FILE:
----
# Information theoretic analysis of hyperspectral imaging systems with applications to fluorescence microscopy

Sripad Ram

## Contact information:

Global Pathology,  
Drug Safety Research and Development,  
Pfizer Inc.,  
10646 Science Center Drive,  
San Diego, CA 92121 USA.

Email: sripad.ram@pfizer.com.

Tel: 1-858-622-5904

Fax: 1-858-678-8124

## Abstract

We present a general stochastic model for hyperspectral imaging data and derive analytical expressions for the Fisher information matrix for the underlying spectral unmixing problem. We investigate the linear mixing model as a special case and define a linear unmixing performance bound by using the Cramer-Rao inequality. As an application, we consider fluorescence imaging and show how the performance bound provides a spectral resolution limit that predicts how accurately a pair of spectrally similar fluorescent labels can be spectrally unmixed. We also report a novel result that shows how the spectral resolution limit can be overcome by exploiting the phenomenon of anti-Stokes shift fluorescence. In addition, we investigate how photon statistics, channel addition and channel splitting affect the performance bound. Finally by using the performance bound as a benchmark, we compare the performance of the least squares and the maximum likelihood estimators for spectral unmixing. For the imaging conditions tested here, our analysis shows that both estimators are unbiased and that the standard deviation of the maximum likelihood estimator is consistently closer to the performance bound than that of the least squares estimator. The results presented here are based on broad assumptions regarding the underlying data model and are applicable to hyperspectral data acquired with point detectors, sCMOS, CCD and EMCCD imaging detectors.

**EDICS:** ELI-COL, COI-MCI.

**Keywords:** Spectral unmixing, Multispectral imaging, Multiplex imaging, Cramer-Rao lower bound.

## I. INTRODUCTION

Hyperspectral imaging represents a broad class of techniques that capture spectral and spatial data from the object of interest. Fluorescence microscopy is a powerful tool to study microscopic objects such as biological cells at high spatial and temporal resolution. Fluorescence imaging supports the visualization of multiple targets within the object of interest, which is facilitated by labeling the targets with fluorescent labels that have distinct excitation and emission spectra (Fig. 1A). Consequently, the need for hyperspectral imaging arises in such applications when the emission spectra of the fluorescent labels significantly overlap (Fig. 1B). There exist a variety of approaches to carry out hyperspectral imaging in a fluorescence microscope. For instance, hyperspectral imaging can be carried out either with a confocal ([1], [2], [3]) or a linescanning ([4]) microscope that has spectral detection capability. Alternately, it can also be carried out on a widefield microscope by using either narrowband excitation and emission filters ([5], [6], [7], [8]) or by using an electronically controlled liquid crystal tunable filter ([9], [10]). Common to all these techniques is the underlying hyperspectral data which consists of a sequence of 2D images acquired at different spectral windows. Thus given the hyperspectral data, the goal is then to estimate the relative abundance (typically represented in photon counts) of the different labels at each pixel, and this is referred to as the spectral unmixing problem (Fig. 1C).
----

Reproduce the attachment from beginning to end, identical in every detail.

# Information theoretic analysis of hyperspectral imaging systems with applications to fluorescence microscopy

Sripad Ram

## Contact information:

Global Pathology,  
Drug Safety Research and Development,  
Pfizer Inc.,  
10646 Science Center Drive,  
San Diego, CA 92121 USA.

Email: sripad.ram@pfizer.com.

Tel: 1-858-622-5904

Fax: 1-858-678-8124

## Abstract

We present a general stochastic model for hyperspectral imaging data and derive analytical expressions for the Fisher information matrix for the underlying spectral unmixing problem. We investigate the linear mixing model as a special case and define a linear unmixing performance bound by using the Cramer-Rao inequality. As an application, we consider fluorescence imaging and show how the performance bound provides a spectral resolution limit that predicts how accurately a pair of spectrally similar fluorescent labels can be spectrally unmixed. We also report a novel result that shows how the spectral resolution limit can be overcome by exploiting the phenomenon of anti-Stokes shift fluorescence. In addition, we investigate how photon statistics, channel addition and channel splitting affect the performance bound. Finally by using the performance bound as a benchmark, we compare the performance of the least squares and the maximum likelihood estimators for spectral unmixing. For the imaging conditions tested here, our analysis shows that both estimators are unbiased and that the standard deviation of the maximum likelihood estimator is consistently closer to the performance bound than that of the least squares estimator. The results presented here are based on broad assumptions regarding the underlying data model and are applicable to hyperspectral data acquired with point detectors, sCMOS, CCD and EMCCD imaging detectors.

**EDICS:** ELI-COL, COI-MCI.

**Keywords:** Spectral unmixing, Multispectral imaging, Multiplex imaging, Cramer-Rao lower bound.

## I. INTRODUCTION

Hyperspectral imaging represents a broad class of techniques that capture spectral and spatial data from the object of interest. Fluorescence microscopy is a powerful tool to study microscopic objects such as biological cells at high spatial and temporal resolution. Fluorescence imaging supports the visualization of multiple targets within the object of interest, which is facilitated by labeling the targets with fluorescent labels that have distinct excitation and emission spectra (Fig. 1A). Consequently, the need for hyperspectral imaging arises in such applications when the emission spectra of the fluorescent labels significantly overlap (Fig. 1B). There exist a variety of approaches to carry out hyperspectral imaging in a fluorescence microscope. For instance, hyperspectral imaging can be carried out either with a confocal ([1], [2], [3]) or a linescanning ([4]) microscope that has spectral detection capability. Alternately, it can also be carried out on a widefield microscope by using either narrowband excitation and emission filters ([5], [6], [7], [8]) or by using an electronically controlled liquid crystal tunable filter ([9], [10]). Common to all these techniques is the underlying hyperspectral data which consists of a sequence of 2D images acquired at different spectral windows. Thus given the hyperspectral data, the goal is then to estimate the relative abundance (typically represented in photon counts) of the different labels at each pixel, and this is referred to as the spectral unmixing problem (Fig. 1C).